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Welcome to ScienceOpen version 2.017

Kick off the new year with the new unified search on ScienceOpen! We have accomplished a lot over the last year and are looking forward to supporting the academic community in 2017.

In 2016 ScienceOpen brought you more context: Now your search comes with a new analytics bar that breaks down your search results by collections, journals, publishers, disciplines, and keywords for quicker filtering. Try a search for the pressing topics of 2016 like Zika or CRISPR and take the new features for a spin.

Researcher output, journal content, reference lists, citing articles can all be dynamically sorted and explored via Altmetric score, citations, date, activity. Statistics for journals, publishers and authors give overview of the content that we are indexing on ScienceOpen. Check out the most relevant journals on ScienceOpen, for example BMC Infectious Diseases or PloS Genetics for a new perspective. Or add your publications to your ORCID and get a dynamic view of your own output.

Image by Epic Fireworks, Flickr, CC BY

In 2016 ScienceOpen brought you more content: We welcomed publisher customers across the entire spectrum of disciplines to ScienceOpen and expect many more for the upcoming year. We added multiple journals from Brill, River Publishers, Open Library of Humanities, Higher Education Press and featured collections for PeerJ Computer Science, Cold Spring Harbor Laboratory Press Molecular Case Studies and the Italian Society for Victimology. We had the pleasure to work with a very diverse group, from STM to HSS, from open access to subscription-based journals, creating interdisciplinary bridges and new connections for their content. We further integrated all of SciELO on ScienceOpen this year for a more global perspective and have had a great time working with them. We are at over 27 million article records and adding content every day.

In 2016 ScienceOpen brought you more open: The ScienceOpen team participated in and helped organize numerous community events promoting Open Science. From Peer Review Week to OpenCon, talks at SSP in Vancouver and SpotOn in London, our team was on the road, debating hot issues in scholarly communication.

In order to bring more visibility to smaller community open access journals, very often with close to non-existent funding and run on a voluntary basis, we launched our platinum indexing competition. It was geared towards open access journals charging no APCs to their authors. Four successful rounds in, we have selected 18 journals to be indexed and awarded some of them with special featured collections on the ScienceOpen platform. This activity was particularly rewarding as we heard back from journals’ editors expressing their enthusiasm about the ScienceOpen project and enjoying bigger usage numbers on their content.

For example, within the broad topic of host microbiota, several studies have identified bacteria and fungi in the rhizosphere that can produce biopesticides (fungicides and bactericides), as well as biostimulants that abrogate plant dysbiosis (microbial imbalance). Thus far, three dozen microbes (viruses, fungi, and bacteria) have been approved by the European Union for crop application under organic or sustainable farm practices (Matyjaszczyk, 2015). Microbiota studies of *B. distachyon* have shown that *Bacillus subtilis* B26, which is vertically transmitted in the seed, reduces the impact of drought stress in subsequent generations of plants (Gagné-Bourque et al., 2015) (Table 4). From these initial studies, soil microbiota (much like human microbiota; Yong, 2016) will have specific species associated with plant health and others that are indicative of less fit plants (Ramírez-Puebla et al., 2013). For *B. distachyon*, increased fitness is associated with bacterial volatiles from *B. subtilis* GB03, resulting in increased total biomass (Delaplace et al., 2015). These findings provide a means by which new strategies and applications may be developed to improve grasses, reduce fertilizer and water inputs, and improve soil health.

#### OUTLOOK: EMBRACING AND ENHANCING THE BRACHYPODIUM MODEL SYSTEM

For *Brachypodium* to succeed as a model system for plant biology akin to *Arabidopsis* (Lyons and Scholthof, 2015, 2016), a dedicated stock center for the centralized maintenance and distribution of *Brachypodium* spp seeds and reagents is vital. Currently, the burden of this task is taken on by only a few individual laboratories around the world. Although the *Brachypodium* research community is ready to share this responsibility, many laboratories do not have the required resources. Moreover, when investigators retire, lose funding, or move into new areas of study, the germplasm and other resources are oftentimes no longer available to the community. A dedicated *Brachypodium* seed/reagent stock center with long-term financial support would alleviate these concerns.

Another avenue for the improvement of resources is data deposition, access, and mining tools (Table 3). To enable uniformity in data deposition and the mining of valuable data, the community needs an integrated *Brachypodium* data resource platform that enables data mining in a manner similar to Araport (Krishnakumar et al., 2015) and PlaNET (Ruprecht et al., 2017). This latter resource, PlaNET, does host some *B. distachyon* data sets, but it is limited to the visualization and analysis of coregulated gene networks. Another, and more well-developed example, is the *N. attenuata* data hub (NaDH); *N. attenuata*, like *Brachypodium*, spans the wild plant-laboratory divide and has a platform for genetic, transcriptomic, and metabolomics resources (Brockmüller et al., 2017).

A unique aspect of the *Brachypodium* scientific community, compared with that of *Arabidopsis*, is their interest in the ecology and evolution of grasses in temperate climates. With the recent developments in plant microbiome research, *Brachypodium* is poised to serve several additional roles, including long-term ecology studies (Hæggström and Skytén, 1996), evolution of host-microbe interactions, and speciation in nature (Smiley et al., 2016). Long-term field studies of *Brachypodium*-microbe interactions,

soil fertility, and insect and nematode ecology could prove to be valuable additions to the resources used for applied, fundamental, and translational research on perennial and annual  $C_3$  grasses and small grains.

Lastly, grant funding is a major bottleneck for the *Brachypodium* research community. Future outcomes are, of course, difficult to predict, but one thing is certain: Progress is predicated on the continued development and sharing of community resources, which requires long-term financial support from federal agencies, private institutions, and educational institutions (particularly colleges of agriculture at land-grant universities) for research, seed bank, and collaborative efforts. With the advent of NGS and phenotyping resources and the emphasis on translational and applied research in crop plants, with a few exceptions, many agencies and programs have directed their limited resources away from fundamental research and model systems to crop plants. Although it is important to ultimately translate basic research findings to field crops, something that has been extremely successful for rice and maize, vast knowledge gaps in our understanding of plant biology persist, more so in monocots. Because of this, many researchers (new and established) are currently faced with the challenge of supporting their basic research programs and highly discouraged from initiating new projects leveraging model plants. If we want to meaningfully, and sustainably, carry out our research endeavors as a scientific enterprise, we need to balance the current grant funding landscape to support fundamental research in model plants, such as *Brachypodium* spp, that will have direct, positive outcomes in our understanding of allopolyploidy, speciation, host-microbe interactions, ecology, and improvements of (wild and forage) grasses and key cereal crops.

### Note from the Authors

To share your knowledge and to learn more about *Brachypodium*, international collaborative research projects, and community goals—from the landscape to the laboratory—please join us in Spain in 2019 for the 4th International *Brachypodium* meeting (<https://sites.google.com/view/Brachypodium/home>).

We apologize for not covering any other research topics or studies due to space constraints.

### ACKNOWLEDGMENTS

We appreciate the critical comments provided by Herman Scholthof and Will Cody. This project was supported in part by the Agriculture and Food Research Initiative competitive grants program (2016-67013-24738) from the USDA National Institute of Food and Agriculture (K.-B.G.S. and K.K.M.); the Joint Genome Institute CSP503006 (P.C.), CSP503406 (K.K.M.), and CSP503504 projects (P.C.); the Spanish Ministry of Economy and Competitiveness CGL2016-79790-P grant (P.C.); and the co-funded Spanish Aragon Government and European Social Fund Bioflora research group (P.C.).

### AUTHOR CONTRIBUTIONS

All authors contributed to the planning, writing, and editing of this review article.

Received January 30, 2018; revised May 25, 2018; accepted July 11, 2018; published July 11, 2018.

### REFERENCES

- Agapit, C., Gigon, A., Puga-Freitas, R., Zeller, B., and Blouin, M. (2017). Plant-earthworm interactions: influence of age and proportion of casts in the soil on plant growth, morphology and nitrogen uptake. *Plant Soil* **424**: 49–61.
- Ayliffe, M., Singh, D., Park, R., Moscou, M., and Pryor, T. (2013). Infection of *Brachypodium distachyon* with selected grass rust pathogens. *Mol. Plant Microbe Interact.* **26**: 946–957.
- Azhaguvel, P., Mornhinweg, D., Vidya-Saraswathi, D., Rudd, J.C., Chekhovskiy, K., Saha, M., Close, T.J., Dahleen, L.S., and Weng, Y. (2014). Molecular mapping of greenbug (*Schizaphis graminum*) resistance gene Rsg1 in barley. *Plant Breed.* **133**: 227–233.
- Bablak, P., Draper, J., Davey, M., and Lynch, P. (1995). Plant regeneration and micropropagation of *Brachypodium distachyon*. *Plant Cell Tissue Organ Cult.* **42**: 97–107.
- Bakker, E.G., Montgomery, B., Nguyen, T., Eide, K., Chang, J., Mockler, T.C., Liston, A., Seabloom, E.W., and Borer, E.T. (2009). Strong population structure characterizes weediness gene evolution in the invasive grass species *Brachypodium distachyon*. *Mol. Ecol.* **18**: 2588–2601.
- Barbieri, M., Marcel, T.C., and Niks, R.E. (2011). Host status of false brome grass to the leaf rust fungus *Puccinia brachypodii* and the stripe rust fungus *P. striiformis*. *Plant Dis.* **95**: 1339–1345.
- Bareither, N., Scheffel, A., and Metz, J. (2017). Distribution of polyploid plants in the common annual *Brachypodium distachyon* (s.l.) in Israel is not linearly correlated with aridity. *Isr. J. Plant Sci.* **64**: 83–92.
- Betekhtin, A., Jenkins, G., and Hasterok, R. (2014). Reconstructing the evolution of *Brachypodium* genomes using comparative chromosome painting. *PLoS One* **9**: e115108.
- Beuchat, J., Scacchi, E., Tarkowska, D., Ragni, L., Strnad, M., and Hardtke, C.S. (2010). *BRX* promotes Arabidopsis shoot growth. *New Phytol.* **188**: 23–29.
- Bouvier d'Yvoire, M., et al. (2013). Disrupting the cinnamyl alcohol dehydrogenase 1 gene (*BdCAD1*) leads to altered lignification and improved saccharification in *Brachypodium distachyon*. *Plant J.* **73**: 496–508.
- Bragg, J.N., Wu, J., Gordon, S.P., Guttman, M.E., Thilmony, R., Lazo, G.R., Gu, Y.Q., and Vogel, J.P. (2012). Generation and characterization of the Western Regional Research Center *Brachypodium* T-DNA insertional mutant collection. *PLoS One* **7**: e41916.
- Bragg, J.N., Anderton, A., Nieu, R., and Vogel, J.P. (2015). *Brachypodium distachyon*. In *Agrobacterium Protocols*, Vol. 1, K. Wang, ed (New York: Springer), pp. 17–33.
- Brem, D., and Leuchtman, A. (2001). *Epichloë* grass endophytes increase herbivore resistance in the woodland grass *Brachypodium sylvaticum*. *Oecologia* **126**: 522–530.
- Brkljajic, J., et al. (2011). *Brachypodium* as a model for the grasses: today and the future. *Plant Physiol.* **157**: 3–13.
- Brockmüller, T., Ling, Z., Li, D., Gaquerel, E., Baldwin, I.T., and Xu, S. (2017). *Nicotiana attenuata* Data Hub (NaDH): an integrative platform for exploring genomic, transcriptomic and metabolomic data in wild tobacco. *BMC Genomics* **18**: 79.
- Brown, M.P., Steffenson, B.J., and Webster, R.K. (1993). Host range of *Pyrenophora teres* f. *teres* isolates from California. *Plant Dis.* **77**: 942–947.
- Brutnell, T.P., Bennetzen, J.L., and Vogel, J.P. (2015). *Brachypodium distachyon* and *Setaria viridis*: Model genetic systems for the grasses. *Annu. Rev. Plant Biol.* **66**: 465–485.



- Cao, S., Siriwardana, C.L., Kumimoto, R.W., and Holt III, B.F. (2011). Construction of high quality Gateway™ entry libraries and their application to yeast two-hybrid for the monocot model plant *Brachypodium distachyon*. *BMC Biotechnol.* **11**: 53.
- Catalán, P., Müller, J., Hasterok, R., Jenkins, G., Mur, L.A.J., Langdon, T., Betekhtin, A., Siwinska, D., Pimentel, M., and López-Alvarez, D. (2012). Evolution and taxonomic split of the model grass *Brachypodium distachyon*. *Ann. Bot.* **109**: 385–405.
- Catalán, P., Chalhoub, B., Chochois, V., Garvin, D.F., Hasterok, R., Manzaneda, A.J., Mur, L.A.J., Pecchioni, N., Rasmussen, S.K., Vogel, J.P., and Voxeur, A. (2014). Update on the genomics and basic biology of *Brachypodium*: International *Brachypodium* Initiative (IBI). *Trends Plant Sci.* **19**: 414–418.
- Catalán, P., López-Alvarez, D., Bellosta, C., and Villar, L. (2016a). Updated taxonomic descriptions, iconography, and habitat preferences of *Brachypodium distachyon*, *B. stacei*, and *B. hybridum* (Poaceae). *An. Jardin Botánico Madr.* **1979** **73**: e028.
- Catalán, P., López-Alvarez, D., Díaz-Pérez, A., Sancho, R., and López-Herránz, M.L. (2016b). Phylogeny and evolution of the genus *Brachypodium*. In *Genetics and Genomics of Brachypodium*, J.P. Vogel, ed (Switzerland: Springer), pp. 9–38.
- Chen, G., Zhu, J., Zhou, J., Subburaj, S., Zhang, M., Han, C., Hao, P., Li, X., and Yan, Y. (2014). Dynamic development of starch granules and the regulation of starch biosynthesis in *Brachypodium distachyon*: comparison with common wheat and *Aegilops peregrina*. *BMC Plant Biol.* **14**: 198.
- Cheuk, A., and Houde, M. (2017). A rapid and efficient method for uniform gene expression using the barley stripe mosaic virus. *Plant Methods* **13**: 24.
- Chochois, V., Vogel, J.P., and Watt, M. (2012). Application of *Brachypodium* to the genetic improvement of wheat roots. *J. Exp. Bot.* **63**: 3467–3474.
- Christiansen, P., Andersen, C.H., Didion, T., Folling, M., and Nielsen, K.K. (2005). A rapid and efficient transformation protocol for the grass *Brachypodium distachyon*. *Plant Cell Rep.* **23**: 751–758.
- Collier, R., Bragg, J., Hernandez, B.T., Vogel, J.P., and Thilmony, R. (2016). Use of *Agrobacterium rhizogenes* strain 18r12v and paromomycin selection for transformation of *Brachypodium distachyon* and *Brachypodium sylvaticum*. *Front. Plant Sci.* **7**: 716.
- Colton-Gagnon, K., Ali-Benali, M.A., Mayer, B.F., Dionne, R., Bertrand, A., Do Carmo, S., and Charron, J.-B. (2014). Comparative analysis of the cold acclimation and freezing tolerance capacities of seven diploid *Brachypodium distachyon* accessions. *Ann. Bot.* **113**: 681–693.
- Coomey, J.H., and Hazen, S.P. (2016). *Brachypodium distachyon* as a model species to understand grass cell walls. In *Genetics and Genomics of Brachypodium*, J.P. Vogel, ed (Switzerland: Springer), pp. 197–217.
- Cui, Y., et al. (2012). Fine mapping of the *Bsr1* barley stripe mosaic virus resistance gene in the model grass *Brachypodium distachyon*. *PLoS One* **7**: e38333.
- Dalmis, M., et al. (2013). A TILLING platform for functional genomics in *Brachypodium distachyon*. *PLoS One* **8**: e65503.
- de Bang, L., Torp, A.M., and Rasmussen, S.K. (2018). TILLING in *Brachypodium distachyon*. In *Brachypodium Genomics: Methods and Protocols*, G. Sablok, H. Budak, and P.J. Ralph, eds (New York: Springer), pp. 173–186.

The ScienceOpen 2.017 version will continue to focus on context, content and open science. We are your starting point for academic discovery and networking. Together let’s explore new ways to support visibility for your publications, promote peer review, improve search and discovery and facilitate collection building. Here is to putting research in context! The year 2016 had some great moments – may 2017 bring many, many more!

Your ScienceOpen team

8 thoughts on “Welcome to ScienceOpen version 2.017”

  1. Open Access Journals don’t seem to take full advantage of their key feature.

    When a researcher is reading an article by his peer, what is it that can make him suffer most? Unavoidable misprints and minor errors are responsible for that. Correcting them is always time-consuming and has a distracting effect on content comprehension. Similarly, on publication of one’s own article one frequently sees in it some minor faults and misprints whose correction would constitute an improvement.

    Conventional hard copy journals use in such cases a procedure that can be regarded as highly impractical. Even though an appropriate letter may be sent to the editor very soon, it will not be published without much delay, if at all. In any case, the article and the corrigenda will appear in different issues of the journal and thus may not be jointly taken notice of by all readers.

    On the contrary, an Open Access Journal could see to it that any corrigenda could be accessed in the very file of the article in point. The reader could then be informed of a misprint a moment after it had been noticed. My strong belief is that providing such an option to contributors would improve the impact factors of any Open Access Journal.

    Igor Andrianov
    Professor
    RWTH Aachen University, Germany

    1. Hi Igor, thanks for your comment! Yes, post-publication editing of this sort is frustrating and often time consuming. All 27.5 million articles on our platform can be commented on or formally peer reviewed post-publication. As well as this, ‘overlay’ services such as PaperHive provide useful annotation tools that can be used to indicate where these corrections are needed.

      Jon

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